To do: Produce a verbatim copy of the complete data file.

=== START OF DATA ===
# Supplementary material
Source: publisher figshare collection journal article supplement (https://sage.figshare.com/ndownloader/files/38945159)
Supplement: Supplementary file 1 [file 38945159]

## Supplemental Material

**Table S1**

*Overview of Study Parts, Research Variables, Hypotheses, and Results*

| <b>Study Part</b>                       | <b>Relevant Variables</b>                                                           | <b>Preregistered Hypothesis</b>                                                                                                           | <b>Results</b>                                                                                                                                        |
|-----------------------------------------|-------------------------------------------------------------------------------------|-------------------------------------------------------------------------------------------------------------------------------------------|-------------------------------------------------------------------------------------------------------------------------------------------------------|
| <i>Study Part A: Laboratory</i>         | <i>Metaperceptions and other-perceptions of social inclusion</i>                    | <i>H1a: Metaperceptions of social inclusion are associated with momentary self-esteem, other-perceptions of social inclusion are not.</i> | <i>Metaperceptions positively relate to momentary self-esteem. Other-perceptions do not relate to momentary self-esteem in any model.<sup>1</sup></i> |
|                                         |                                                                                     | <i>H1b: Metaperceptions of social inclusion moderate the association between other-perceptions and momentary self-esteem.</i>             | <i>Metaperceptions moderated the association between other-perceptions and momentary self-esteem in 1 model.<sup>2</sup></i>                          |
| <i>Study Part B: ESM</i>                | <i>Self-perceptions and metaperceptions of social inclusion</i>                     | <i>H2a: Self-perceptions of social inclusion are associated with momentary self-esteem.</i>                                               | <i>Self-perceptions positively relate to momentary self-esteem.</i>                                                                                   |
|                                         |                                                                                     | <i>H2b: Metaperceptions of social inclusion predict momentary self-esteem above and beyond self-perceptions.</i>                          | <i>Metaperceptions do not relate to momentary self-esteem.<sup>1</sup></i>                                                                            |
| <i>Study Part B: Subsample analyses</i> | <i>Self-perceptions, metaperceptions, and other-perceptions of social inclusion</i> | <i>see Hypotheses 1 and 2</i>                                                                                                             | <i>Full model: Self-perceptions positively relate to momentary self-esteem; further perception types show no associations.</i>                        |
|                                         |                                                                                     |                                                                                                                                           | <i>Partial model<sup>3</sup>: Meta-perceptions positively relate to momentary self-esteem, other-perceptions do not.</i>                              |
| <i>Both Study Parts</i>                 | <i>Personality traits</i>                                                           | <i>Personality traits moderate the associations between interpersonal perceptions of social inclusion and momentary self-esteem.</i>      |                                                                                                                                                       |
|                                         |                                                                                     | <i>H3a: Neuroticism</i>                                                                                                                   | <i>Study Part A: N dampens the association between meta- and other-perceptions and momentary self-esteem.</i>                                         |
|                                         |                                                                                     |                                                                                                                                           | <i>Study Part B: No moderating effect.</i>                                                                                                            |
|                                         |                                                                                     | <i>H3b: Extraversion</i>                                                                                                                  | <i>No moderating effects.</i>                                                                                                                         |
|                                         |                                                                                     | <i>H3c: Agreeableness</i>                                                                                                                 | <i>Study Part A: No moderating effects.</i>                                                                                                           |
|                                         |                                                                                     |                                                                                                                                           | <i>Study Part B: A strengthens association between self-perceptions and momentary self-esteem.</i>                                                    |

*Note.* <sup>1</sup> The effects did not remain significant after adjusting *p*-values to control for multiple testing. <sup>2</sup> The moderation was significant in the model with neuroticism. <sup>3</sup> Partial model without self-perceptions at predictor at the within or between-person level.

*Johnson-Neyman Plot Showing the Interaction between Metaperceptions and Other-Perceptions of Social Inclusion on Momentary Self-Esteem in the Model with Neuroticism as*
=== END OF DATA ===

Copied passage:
# Supplementary material
Source: publisher figshare collection journal article supplement (https://sage.figshare.com/ndownloader/files/38945159)
Supplement: Supplementary file 1 [file 38945159]

## Supplemental Material

**Table S1**

*Overview of Study Parts, Research Variables, Hypotheses, and Results*

| <b>Study Part</b>                       | <b>Relevant Variables</b>                                                           | <b>Preregistered Hypothesis</b>                                                                                                           | <b>Results</b>                                                                                                                                        |
|-----------------------------------------|-------------------------------------------------------------------------------------|-------------------------------------------------------------------------------------------------------------------------------------------|-------------------------------------------------------------------------------------------------------------------------------------------------------|
| <i>Study Part A: Laboratory</i>         | <i>Metaperceptions and other-perceptions of social inclusion</i>                    | <i>H1a: Metaperceptions of social inclusion are associated with momentary self-esteem, other-perceptions of social inclusion are not.</i> | <i>Metaperceptions positively relate to momentary self-esteem. Other-perceptions do not relate to momentary self-esteem in any model.<sup>1</sup></i> |
|                                         |                                                                                     | <i>H1b: Metaperceptions of social inclusion moderate the association between other-perceptions and momentary self-esteem.</i>             | <i>Metaperceptions moderated the association between other-perceptions and momentary self-esteem in 1 model.<sup>2</sup></i>                          |
| <i>Study Part B: ESM</i>                | <i>Self-perceptions and metaperceptions of social inclusion</i>                     | <i>H2a: Self-perceptions of social inclusion are associated with momentary self-esteem.</i>                                               | <i>Self-perceptions positively relate to momentary self-esteem.</i>                                                                                   |
|                                         |                                                                                     | <i>H2b: Metaperceptions of social inclusion predict momentary self-esteem above and beyond self-perceptions.</i>                          | <i>Metaperceptions do not relate to momentary self-esteem.<sup>1</sup></i>                                                                            |
| <i>Study Part B: Subsample analyses</i> | <i>Self-perceptions, metaperceptions, and other-perceptions of social inclusion</i> | <i>see Hypotheses 1 and 2</i>                                                                                                             | <i>Full model: Self-perceptions positively relate to momentary self-esteem; further perception types show no associations.</i>                        |
|                                         |                                                                                     |                                                                                                                                           | <i>Partial model<sup>3</sup>: Meta-perceptions positively relate to momentary self-esteem, other-perceptions do not.</i>                              |
| <i>Both Study Parts</i>                 | <i>Personality traits</i>                                                           | <i>Personality traits moderate the associations between interpersonal perceptions of social inclusion and momentary self-esteem.</i>      |                                                                                                                                                       |
|                                         |                                                                                     | <i>H3a: Neuroticism</i>                                                                                                                   | <i>Study Part A: N dampens the association between meta- and other-perceptions and momentary self-esteem.</i>                                         |
|                                         |                                                                                     |                                                                                                                                           | <i>Study Part B: No moderating effect.</i>                                                                                                            |
|                                         |                                                                                     | <i>H3b: Extraversion</i>                                                                                                                  | <i>No moderating effects.</i>                                                                                                                         |
|                                         |                                                                                     | <i>H3c: Agreeableness</i>                                                                                                                 | <i>Study Part A: No moderating effects.</i>                                                                                                           |
|                                         |                                                                                     |                                                                                                                                           | <i>Study Part B: A strengthens association between self-perceptions and momentary self-esteem.</i>                                                    |

*Note.* <sup>1</sup> The effects did not remain significant after adjusting *p*-values to control for multiple testing. <sup>2</sup> The moderation was significant in the model with neuroticism. <sup>3</sup> Partial model without self-perceptions at predictor at the within or between-person level.

*Johnson-Neyman Plot Showing the Interaction between Metaperceptions and Other-Perceptions of Social Inclusion on Momentary Self-Esteem in the Model with Neuroticism as*